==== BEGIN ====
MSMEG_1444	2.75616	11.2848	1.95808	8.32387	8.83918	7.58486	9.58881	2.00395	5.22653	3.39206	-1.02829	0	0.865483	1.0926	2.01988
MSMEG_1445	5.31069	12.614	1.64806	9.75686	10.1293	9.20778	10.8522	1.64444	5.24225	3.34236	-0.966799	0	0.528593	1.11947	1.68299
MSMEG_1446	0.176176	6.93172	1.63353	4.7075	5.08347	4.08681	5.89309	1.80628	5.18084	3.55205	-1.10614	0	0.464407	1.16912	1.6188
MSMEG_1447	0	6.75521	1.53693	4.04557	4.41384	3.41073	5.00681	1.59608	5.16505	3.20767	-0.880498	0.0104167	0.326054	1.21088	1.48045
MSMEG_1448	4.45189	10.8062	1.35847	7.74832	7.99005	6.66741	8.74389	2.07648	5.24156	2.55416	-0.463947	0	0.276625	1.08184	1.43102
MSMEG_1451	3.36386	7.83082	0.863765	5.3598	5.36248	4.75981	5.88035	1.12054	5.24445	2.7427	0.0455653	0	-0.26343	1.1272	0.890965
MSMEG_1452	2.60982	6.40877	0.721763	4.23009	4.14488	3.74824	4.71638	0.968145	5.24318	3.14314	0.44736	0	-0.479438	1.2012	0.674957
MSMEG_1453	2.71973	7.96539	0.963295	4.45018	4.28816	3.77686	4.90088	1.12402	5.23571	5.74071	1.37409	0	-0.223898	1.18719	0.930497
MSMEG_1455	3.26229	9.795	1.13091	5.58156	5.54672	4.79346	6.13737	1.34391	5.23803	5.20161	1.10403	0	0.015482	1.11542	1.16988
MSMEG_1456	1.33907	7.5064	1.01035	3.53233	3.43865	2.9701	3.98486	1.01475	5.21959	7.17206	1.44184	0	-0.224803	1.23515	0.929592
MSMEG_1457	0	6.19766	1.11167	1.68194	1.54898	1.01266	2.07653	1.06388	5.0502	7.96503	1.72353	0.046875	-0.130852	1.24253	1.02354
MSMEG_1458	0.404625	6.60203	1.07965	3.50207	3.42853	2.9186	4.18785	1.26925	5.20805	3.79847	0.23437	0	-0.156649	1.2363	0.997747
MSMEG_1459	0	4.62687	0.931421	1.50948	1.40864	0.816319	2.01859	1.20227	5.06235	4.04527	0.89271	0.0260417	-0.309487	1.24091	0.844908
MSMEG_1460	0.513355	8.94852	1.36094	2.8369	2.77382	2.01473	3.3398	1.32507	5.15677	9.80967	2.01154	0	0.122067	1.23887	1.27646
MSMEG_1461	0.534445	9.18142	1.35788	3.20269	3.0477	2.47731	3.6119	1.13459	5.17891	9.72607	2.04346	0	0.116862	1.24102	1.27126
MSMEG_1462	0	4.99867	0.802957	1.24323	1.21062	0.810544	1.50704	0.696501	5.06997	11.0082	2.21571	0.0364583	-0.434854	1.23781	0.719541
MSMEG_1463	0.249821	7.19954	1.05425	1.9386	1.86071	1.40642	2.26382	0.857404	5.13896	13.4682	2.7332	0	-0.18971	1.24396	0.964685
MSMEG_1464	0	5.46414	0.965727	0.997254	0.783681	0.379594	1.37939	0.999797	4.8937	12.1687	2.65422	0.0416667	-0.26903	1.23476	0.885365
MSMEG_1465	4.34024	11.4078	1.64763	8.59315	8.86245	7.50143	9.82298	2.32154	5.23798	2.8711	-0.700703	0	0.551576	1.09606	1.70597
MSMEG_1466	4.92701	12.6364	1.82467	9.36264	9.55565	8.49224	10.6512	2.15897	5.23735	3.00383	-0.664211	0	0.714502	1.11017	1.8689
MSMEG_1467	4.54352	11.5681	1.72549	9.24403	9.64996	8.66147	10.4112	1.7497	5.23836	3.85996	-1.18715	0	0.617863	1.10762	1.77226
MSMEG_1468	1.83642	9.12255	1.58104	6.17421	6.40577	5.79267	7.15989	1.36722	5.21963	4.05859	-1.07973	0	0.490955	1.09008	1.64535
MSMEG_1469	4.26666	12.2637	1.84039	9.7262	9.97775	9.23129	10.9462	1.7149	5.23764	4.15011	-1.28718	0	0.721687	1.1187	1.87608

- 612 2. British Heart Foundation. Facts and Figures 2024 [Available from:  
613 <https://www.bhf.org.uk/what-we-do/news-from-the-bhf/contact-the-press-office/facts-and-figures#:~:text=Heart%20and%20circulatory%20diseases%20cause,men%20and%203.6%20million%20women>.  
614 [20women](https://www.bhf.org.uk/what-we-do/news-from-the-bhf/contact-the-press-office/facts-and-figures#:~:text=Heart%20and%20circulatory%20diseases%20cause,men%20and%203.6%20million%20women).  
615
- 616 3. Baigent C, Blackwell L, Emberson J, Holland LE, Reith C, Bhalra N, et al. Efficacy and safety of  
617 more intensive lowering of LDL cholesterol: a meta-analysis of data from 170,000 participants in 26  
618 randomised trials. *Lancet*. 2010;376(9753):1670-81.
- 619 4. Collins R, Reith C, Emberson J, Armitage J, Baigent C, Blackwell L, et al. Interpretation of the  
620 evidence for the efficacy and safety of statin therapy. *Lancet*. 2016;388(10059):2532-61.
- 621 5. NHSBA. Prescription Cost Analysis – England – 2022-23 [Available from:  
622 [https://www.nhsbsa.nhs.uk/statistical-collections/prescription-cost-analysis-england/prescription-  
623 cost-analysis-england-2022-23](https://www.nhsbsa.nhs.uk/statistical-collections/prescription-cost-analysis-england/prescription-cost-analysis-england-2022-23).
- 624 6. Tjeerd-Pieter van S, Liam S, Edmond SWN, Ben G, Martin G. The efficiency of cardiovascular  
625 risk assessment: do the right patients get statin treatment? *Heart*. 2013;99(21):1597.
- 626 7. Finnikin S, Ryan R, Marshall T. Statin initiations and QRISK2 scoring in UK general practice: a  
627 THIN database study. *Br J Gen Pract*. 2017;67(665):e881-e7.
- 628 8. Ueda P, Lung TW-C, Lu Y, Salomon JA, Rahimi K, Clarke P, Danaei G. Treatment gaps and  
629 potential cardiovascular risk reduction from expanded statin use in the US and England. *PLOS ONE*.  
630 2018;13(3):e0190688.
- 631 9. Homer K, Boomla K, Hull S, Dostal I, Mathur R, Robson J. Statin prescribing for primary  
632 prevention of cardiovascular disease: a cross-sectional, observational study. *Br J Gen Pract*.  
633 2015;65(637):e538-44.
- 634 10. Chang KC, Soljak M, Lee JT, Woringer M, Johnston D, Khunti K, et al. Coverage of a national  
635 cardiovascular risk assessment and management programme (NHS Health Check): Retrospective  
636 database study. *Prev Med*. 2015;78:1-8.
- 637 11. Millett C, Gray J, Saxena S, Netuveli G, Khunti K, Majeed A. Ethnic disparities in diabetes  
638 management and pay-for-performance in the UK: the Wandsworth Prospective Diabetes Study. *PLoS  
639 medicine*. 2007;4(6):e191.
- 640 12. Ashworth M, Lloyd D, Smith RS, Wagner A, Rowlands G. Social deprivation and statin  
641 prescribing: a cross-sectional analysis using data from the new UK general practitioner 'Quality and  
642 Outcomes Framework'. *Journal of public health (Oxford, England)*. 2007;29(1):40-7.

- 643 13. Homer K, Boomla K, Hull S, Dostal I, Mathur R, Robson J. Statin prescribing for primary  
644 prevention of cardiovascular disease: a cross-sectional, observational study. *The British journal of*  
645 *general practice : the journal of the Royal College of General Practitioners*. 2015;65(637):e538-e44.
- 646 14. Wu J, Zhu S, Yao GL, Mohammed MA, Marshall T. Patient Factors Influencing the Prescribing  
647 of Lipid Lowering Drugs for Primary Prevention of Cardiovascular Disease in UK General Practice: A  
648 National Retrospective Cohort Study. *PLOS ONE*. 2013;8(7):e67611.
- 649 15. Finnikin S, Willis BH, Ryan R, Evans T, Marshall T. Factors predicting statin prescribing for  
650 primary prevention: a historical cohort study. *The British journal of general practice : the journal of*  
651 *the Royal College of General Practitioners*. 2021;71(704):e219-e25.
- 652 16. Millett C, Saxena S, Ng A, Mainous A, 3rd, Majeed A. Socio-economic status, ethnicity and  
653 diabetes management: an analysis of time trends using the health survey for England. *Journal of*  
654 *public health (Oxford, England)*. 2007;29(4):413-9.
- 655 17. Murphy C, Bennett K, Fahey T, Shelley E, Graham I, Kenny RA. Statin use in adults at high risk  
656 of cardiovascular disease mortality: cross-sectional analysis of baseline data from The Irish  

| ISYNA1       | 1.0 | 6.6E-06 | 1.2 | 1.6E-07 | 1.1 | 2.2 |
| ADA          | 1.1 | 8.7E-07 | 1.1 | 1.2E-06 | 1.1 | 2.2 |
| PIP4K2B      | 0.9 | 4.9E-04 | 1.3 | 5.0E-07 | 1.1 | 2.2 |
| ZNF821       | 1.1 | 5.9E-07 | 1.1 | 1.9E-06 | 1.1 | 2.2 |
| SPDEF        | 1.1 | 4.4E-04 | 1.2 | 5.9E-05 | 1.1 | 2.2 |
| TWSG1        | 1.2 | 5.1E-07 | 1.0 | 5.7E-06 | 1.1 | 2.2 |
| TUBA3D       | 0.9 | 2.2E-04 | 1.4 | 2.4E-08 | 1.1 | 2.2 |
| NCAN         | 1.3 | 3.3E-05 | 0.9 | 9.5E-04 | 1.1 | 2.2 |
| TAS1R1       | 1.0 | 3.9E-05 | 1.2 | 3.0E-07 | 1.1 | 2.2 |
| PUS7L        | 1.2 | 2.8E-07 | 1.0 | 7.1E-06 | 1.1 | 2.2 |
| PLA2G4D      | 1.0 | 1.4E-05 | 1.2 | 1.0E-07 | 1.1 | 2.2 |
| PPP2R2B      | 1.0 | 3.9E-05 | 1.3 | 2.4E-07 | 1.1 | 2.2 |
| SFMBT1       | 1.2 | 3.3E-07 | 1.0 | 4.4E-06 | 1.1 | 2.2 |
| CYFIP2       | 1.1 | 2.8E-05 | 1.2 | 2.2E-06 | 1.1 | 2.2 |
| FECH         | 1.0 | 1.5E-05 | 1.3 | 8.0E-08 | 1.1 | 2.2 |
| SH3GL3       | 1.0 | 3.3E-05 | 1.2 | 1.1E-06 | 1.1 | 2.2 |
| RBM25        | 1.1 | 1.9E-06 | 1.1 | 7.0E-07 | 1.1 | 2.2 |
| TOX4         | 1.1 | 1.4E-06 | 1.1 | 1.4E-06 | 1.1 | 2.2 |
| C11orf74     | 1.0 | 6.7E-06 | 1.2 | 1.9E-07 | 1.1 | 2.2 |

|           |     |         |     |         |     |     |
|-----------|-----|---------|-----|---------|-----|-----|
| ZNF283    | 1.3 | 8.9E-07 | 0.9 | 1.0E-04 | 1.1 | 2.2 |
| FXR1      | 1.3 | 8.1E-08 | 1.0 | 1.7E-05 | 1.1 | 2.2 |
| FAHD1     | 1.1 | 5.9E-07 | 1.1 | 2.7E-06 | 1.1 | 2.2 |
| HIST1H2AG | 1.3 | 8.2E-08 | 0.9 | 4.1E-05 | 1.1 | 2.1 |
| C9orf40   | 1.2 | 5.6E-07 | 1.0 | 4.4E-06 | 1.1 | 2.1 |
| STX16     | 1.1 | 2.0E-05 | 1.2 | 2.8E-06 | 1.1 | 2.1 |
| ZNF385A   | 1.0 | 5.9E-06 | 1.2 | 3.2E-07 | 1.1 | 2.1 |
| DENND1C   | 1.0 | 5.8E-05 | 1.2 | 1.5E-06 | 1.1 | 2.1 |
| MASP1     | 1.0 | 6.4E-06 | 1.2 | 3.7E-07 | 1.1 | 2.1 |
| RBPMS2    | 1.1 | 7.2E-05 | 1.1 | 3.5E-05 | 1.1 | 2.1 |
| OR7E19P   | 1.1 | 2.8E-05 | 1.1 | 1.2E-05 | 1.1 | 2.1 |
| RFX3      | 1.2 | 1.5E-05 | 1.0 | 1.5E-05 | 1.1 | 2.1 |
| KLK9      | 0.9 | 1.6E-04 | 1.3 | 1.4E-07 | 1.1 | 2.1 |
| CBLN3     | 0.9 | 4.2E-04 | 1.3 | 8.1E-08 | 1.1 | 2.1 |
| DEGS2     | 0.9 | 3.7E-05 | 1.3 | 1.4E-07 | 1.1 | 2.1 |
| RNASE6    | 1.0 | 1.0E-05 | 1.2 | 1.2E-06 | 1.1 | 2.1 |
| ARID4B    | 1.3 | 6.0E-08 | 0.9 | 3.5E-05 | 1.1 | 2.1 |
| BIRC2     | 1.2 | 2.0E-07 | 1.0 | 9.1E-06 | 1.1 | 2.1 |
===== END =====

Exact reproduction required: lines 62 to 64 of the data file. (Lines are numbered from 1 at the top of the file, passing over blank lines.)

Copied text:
650 primary prevention: a historical cohort study. *The British journal of general practice : the journal of*  
651 *the Royal College of General Practitioners*. 2021;71(704):e219-e25.
- 652 16. Millett C, Saxena S, Ng A, Mainous A, 3rd, Majeed A. Socio-economic status, ethnicity and  